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What Does The GOP Have To Do To Ever Let The Democrats Win In Florida Again?


If ever there should be a state party that is dead in the water, it should be the Florida Republican Party which has just presided over a horrific and on-going pandemic catastrophe from a pro-COVID Republican governor and a pro-COVID Republican state legislature. DeSantis and his pet legislature invited COVID to settle in in Florida. And it has. Yesterday the state reported 5,838 more cases of COVID, bringing the state total to 858,012. Tomorrow, Florida will surpass on ominous mark: 40,000 cases per million inhabitants. Over 17,300 Floridians have died, needlessly. And yet, Republicans did quite well in Florida, winning the state's 29 electoral votes for Trump and holding onto all their state legislative seats. Now they have to get ready to defend DeSantis and Marco Rubio in 2022.


Conventional wisdom is that Rubio will have a big, fat target on his back in 2022 when he runs for reelection. But to think about that more seriously take into account that

Florida Democrats have a defective party that can't win races Florida Democrats have lost ground to Republicans among Hispanic voters The Democratic bench is so weak and enfeebled that they don't have even one viable candidate waiting in the wings.

Obama won Florida both times he ran. But in 2016, Trump beat the Democratic Party establishment candidate there, 4,617,886 (48.60%) to 4,504,975 (47.41%). Although votes are still being counted, with 99% reported, Trump beat Biden 5,667,474 (51.2%) to 5,294, 767 (47.8%). Both party bases were highly motivated and turned out in force, exceeding their 2016 turn-outs significantly. Trump had 1,049,588 more voters this year than in 2016 and Biden had 789,792 more voters than Hillary did.


Rubio is already working on positioning himself. Alayna Treene, writing for Axios yesterday, reported that Rubio, who is also looking towards a 2024 presidential run, told her that Republicans need to rebrand their party as the champions of working-class voters and steer away from its traditional embrace of big business. He's attempting to navigate how to acknowledge Trump's successes while not allowing himself to be painted as a Trumpist. "The future of the party," he told her, "is based on a multiethnic, multiracial working-class coalition."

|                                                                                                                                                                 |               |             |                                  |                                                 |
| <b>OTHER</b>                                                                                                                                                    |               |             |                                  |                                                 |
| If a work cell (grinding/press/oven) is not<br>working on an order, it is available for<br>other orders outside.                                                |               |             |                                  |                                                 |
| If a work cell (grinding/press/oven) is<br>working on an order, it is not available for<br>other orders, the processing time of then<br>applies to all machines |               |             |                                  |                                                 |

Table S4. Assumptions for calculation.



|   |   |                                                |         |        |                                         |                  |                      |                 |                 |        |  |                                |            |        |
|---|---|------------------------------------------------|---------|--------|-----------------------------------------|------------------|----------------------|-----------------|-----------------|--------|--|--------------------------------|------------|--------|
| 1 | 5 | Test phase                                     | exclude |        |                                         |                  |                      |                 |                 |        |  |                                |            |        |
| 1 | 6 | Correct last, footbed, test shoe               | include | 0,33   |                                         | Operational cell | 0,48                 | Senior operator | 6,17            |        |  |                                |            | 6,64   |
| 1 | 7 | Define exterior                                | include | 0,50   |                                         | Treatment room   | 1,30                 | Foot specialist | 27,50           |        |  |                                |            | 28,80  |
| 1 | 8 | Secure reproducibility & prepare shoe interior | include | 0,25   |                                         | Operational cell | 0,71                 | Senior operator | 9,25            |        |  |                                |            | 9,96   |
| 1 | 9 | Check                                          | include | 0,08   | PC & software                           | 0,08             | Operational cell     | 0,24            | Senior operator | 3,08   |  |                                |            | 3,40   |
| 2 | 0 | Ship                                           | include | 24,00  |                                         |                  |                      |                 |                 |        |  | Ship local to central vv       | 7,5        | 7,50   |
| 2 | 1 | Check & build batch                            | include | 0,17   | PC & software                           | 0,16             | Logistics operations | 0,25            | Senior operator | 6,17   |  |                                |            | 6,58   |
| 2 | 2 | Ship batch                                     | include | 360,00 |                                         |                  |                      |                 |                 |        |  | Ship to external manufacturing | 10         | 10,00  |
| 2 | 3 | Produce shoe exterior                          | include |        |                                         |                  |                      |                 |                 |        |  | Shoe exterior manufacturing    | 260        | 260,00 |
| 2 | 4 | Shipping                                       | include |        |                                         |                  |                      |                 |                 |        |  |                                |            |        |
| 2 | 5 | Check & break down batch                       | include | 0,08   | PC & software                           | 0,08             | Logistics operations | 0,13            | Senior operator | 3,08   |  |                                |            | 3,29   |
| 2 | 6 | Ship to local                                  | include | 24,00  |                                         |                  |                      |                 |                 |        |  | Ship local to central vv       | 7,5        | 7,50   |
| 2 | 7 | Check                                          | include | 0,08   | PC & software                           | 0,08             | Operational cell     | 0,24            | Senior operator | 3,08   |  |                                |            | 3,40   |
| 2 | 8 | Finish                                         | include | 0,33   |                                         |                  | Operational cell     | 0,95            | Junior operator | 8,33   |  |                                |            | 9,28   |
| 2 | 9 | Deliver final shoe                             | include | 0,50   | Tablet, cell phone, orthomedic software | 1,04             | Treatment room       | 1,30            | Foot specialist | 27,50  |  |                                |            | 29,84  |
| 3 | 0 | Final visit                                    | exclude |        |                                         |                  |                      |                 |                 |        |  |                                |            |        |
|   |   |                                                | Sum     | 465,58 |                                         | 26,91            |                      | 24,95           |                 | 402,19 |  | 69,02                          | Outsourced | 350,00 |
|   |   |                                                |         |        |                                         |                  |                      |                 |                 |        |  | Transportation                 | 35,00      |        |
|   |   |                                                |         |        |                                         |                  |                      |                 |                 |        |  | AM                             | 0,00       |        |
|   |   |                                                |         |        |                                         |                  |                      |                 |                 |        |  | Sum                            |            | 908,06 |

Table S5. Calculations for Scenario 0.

Rubio said Republicans have long believed in and supported the free market, "but the free market exists to serve our people. Our people don't exist to serve the free market."
He added that working class Americans are now largely against big businesses “that only care about how their shares are performing, even if it's based on moving production overseas for cheaper labor. "They're very suspicious, quite frankly, dismissive of elites at every level. And obviously that's a powerful sentiment." ..."We still have a very strong base in the party of donors and think tanks and intelligentsia from the right who are market fundamentalists, who accuse anyone who's not a market fundamentalist of being a socialist to some degree," Rubio said. "If the takeaway from all of them is now is the time to go back to sort of the traditional party of of unfettered free trade, I think we're gonna lose the [Trump] base as quickly as we got it... We can't just go back to being that," he added.

She also reported that when Andrew Yang was interviewed on CNN last week, he had a similar perspective, noting that when he introduced himself as a Democrat to working-class voters, they would flinch. "There is something deeply wrong when working-class Americans have that response to a major party that theoretically is supposed to be fighting for them. In their minds, the Democratic Party, unfortunately, has taken on this role of the coastal urban elites who are more concerned about policing various cultural issues than improving their way of life... This to me is a fundamental problem for the party."


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